Bill unfairly props up energy company
| April 25, 2021 12:00 AM
In the end, not even the most fierce proponents of Montana coal could get behind the lopsided and controversial Senate Bill 379.
The now stalled measure would have greased the skids for NorthWestern Energy’s pursuit of coal-fired power plants in Colstrip — all at the ratepayers’ risk and probable expense.
As reported by the Montana Free Press, the initial version of the bill, drafted by NorthWestern Energy and sponsored by Sen. Steve Fitzpatrick, R-Great Falls, would have allowed current and future owners of coal-fired power assets to fully recover costs for any undepreciated value and remediation expenses, from energy consumers. It would also allow the utility to recover market value for new ownership of a coal power asset, even if that asset was purchased for less than market value, and directed the Montana Public Service Commission to allow the continued operation of coal-fired power plants “until the commission issues an order finding that the closure of the units is in the public interest.”
In a nutshell, NorthWestern’s stake in Colstrip would trump the PSC’s mandate to oversee the utility, and consumers would be on the hook for due costs that could total hundreds of millions of dollars.
Not surprisingly, the PSC unanimously opposed the measure. Republican PSC Commissioner Tony O’Donnell was quoted as saying that he couldn’t recall a bill “more tilted exclusively to the benefit of a utility and to the detriment of ratepayers.”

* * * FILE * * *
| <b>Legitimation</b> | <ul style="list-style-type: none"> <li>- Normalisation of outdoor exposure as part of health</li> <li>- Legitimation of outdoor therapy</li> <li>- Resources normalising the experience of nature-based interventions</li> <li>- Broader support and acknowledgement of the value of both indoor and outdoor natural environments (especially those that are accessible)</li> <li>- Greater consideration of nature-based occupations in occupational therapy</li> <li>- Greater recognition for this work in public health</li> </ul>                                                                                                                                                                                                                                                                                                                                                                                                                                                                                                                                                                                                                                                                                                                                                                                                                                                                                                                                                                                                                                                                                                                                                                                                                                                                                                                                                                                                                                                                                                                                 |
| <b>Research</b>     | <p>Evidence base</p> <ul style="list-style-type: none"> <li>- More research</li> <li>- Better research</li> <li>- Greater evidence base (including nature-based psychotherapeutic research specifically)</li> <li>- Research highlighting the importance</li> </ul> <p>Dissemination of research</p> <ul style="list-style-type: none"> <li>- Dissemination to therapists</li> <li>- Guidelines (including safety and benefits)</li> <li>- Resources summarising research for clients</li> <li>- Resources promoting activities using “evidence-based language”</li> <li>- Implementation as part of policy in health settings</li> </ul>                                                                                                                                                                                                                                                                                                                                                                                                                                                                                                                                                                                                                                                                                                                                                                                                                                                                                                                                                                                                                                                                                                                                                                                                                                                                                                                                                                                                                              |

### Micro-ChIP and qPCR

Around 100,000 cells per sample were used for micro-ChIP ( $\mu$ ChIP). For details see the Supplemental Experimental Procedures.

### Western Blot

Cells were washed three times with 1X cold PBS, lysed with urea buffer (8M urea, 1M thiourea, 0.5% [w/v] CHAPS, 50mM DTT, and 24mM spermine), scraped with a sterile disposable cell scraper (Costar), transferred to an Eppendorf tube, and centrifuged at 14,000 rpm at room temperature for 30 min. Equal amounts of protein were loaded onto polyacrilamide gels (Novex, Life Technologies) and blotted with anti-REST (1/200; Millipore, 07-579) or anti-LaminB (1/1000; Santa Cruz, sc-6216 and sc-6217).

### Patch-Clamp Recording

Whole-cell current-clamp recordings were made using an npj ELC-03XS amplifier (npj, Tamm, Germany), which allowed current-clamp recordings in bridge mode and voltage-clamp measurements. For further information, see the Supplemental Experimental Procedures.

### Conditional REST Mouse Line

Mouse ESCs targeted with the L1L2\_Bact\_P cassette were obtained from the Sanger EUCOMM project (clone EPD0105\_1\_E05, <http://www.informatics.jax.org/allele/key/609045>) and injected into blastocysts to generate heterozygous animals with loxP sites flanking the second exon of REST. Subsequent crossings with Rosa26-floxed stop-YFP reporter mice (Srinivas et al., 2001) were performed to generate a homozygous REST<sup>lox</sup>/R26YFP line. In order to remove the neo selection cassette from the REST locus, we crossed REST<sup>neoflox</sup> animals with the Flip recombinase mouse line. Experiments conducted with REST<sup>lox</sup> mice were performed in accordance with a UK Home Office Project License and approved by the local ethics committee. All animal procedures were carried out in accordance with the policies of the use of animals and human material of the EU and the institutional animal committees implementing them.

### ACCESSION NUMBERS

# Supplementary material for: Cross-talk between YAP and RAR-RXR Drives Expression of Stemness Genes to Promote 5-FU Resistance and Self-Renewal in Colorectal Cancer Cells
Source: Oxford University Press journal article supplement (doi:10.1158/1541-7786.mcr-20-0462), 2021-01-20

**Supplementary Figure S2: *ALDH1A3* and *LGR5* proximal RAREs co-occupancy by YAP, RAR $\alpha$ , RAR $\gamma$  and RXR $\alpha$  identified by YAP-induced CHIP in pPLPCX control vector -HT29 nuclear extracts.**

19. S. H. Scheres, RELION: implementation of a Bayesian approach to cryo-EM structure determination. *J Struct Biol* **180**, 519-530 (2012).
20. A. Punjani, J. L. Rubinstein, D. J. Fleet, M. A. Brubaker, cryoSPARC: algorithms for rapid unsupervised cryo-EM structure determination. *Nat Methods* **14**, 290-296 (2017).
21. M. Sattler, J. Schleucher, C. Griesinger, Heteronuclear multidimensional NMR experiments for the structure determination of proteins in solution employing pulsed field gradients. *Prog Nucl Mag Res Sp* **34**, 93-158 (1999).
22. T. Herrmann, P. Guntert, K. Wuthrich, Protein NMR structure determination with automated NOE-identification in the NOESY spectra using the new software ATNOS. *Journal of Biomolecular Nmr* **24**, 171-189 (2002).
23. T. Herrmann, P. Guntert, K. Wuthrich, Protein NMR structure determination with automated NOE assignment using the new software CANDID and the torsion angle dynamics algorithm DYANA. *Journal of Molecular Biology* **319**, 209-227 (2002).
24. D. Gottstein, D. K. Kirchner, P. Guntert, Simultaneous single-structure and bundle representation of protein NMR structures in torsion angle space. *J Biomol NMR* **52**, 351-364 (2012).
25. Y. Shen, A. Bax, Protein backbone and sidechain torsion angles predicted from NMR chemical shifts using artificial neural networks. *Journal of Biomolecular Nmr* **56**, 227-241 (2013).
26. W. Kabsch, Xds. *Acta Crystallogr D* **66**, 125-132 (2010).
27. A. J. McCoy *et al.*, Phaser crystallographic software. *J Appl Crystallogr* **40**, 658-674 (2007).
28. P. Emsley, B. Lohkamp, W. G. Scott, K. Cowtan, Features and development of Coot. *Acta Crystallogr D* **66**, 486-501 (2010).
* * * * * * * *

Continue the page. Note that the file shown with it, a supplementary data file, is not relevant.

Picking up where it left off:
A series of bill amendments sought to restore some of the PSC’s regulatory role, but even with those changes the House Energy Committee wisely tabled the measure last week on an 11-1 vote.
“Montana was built on coal. Many of us want to keep it,” Kalispell Republican Rep. Derek Skees said while voting against the measure, as reported by the Daily Montanan.
“This bill does not save Colstrip,” he added.
It doesn’t. The coal-fired power industry has been in decline for more than a decade due to myriad factors, including competition from cheaper, cleaner sources.
And while many Montanans agree with Skees and want to see the state’s coal industry prosper (ahem, $1 billion state coal trust fund), unfairly propping up a utility’s business endeavors without traditional regulatory oversight is a dangerous precedent that should be avoided at all costs.
STILL, THE underlying debate about the need to shore up the grid with reliable power at a reasonable rate isn’t without merit. As Rep. Neil Duram, R-Eureka, pointed out, Montana’s population is quickly growing, and with it the demand for energy. Montana should be looking to ramp up and diversify its energy portfolio.
To that end, we were more than pleased to learn last week that NorthWestern plans to invest in a reciprocating internal combustion engine power plant in Laurel as part of an effort to increase its power capacity in the state.
The $250 million investment includes the 175-megawatt gas-fired power plant, along with a 50-megawatt battery storage project and a five-year agreement to buy 100 megawatts of hydropower.
According to the U.S. Energy Information Administration, RICE plants are becoming increasingly popular in areas with electricity generation from intermittent sources such as wind and solar. These plants can start and stop quickly, and can start up even when the grid has no power, the administration notes.
When the wind stops blowing, these power plants can easily and efficiently ramp up production to fill the void. They also run cleaner than traditional gas-powered plants.
NorthWestern Energy CEO Bob Rowe said the Laurel facility will help address immediate energy demands in the state, while also allowing the company to further realize its goal to reduce the company’s carbon footprint by 90% by 2045.
The project, expected to go on line by 2023, is a boon for Montana’s increasing energy needs that will be supplied by increasingly diverse resources in the years ahead.